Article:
Organizations must focus now on five high-priority changes to ensure compliance when GDPR comes into force:

  1. Determine Your Role Under the GDPR

Any organization that decides on why and how personal data is processed is essentially a “data controller.” Therefore, the GDPR applies not only to businesses in the EU, but also to all organizations outside the EU that are processing personal data for the offering of goods and services to the EU, or that are monitoring the behaviour of data subjects within the EU. These organizations should appoint a representative to act as a contact point for the data protection authority (DPA) and data subjects.

  1. Appoint a Data Protection Officer

Many organizations will be required to appoint a data protection officer (DPO) as a result of the GDPR. This is especially important when the organization is a public body, is processing operations requiring regular and systematic monitoring, or has large-scale processing activities. “Large scale” does not necessarily mean hundreds of thousands of data subjects — early drafts of the GDPR mentioned the processing of data on more than 5,000 subjects in any 12-month period.

  1. Demonstrate Accountability in All Processing Activities

Purpose limitation, data quality and data relevance should be decided on when starting a new processing activity, but also applied to existing processing activities. This will help to maintain compliance in future personal data processing activities. Organizations must demonstrate accountability and transparency in all decisions regarding personal data processing activities.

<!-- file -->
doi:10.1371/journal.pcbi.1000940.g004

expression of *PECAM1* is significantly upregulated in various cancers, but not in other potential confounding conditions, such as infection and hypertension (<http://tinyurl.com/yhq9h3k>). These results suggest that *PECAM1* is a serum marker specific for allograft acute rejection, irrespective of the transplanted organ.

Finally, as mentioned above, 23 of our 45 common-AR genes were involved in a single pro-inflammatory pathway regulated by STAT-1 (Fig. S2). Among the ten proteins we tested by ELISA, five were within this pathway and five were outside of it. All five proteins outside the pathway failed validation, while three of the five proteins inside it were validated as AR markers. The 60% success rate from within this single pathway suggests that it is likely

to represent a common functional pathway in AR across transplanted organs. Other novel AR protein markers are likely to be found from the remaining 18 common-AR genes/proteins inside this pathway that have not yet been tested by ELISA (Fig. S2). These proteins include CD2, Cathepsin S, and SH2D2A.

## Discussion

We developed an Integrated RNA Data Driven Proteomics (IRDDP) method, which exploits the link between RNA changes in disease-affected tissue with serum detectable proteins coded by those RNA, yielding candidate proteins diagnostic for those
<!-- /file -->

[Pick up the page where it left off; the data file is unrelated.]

Third-party service providers (i.e. data processors) must also comply, and this will impact an organization’s supply, change management and procurement processes. Accountability under the GDPR requires proper data subject consent acquisition and registration. Pre-checked boxes and implied consent will no longer be sufficient. Instead, organizations will be required to implement streamlined techniques to obtain and document consent and consent withdrawal.

  1. Check Cross-Border Data Flows

Data transfers to any of the 28 EU member states will still be allowed, as well as to Norway, Liechtenstein and Iceland. Transfers to any of the other 11 countries the European Commission (EC) has deemed to have an “adequate” level of protection will also be possible. Outside of these areas, organizations should use appropriate safeguards, such as Binding Corporate Rules (BCRs) and standard contractual clauses (i.e., “EU Model Contracts”).

  1. Prepare for Data Subjects Exercising Their Rights

Data subjects have extended rights under the GDPR. These include the right to be forgotten, the right to data portability and the right to be informed (e.g., in case of a data breach, or to receive an explanation, for example in machine learning systems’ automated decision making).

If a business is not yet prepared to adequately handle data breach incidents and subjects exercising their rights, now is the time to start implementing additional controls.

Will GDPR make you more customer centric?

 

What have you put in place to prepare your business for GDPR? What opportunities does GDPR present for your business?

GDPR presents a much bigger opportunity outside of compliance with the new regulations. The new legislation will allow more personalized experiences for our customers and will force companies to be more customer-centric.

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